A pity Anne could not have called upon her connections in France to help her out. King Francis had written to the Pope numerous times, in support of the annulment of Henry and Katharine’s marriage, and was known to have commented, “My good brother of England has no son, because, although young and handsome, he keeps an old and deformed wife.” Why didn’t Francis speak up on Anne’s behalf, as most of the rest of Europe was speaking up on Katharine’s behalf?

  3. HannahL says:

    Wow, I had never read this letter before. I agree…it’s definitely “chilling”! But considering Charles’s way of ruling and his attitude towards Anne in general, it’s not very surprising that he was so cold and indifferent towards her death. He thought of Anne less as a woman who may or may not be guilty of horrible crimes and more as a political nuisance that was finally being removed.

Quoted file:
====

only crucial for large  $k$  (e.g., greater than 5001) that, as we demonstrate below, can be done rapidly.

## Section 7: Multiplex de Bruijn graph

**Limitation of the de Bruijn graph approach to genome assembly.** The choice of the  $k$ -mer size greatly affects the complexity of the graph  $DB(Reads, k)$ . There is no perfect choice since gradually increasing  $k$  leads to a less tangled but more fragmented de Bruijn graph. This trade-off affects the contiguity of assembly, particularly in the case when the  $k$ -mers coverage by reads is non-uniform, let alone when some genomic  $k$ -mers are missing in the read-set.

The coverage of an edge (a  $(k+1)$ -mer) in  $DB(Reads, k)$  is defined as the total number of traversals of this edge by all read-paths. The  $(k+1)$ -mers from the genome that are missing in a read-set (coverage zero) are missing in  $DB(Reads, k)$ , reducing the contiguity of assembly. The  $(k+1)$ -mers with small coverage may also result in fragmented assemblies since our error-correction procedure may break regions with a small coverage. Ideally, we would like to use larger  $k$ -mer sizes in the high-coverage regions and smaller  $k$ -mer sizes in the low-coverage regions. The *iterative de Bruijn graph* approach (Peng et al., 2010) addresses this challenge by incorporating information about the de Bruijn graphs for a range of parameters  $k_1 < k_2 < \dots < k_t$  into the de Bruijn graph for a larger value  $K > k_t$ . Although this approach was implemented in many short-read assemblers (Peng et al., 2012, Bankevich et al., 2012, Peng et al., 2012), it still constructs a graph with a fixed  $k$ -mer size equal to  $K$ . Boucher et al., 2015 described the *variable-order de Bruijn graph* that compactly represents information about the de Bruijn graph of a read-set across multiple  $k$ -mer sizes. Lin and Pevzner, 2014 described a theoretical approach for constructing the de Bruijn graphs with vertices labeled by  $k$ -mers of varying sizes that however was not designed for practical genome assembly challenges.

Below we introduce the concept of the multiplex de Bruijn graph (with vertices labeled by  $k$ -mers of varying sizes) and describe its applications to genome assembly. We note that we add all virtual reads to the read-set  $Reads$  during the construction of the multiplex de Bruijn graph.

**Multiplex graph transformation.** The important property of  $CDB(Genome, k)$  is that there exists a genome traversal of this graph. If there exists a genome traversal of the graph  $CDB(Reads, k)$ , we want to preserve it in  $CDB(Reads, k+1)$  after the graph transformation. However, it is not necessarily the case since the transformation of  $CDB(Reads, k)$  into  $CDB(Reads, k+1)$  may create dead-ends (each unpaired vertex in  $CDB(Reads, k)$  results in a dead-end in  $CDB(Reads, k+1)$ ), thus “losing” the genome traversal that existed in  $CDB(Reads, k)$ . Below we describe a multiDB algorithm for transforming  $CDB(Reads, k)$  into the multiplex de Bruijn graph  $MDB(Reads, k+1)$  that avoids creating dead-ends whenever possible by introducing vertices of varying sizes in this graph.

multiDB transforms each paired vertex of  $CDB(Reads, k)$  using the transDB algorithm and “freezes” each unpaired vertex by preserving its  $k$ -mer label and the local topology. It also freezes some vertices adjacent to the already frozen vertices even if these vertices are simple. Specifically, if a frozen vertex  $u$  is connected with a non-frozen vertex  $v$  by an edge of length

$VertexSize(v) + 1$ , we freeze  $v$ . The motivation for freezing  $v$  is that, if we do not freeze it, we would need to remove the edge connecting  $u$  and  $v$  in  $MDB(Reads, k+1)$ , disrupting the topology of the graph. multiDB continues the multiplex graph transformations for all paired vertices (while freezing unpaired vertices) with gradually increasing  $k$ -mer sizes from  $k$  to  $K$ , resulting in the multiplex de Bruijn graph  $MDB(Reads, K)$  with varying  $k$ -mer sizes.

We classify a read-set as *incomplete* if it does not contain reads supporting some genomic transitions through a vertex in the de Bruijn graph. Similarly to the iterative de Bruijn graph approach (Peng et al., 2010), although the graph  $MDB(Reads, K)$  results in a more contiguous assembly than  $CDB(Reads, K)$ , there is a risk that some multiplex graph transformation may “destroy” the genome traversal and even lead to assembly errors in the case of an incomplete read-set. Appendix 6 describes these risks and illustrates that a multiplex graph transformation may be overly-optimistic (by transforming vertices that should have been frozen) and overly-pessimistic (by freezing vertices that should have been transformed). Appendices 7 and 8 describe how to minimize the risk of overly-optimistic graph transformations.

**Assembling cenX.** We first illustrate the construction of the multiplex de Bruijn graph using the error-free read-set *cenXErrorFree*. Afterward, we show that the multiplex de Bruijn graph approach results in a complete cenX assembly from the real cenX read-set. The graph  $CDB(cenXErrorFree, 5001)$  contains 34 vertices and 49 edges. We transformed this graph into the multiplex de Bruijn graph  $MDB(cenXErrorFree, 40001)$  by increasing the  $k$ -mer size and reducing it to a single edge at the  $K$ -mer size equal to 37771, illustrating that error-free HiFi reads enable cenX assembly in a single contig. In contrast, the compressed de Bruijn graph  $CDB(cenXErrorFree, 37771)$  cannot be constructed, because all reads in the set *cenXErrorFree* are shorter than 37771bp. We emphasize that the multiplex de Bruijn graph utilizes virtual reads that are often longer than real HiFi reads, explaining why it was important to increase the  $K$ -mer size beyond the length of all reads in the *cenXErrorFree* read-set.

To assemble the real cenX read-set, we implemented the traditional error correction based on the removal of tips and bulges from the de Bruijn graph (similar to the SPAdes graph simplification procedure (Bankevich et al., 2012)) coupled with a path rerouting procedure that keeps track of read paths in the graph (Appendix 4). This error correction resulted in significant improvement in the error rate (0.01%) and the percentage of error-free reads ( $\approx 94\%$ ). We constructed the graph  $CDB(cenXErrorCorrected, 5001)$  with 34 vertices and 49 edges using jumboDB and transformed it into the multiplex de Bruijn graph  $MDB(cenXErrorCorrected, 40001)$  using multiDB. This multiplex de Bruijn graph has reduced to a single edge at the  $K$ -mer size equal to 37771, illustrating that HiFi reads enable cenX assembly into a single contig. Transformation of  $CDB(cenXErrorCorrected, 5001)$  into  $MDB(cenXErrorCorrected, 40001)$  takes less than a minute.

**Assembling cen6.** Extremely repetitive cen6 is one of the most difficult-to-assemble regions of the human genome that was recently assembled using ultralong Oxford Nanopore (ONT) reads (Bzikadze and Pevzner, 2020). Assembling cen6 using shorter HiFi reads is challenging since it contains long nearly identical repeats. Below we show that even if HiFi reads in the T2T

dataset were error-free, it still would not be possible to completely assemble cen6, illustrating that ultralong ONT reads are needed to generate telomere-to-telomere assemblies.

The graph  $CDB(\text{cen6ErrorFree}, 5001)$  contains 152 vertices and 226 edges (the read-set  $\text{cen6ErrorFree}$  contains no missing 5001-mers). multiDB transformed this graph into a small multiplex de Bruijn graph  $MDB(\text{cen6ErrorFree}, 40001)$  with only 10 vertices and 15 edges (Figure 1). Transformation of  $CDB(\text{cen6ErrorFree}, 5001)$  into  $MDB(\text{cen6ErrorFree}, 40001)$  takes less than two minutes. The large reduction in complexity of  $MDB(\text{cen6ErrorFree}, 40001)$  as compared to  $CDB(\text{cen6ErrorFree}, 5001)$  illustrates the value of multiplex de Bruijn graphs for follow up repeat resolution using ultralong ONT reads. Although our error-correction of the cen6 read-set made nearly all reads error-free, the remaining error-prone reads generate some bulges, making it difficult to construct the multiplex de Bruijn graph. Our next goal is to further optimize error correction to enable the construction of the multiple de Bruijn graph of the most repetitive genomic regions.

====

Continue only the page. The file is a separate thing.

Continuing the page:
4. lisaannejane says:

    Charles reminds me of the Godfather: business is business, even if it involves killing.

  5. Heretic says:

    It was, and still is, a business, all right.
    No one spoke up for Anne, especially in France, because she was box office poison, no use to any of them anymore, who always probably saw the Boleyns as pawns in their royal games of chess.

  6. Heretic says:

    Charles V was the godfather, make no mistake about it.

  7. Carolyn says: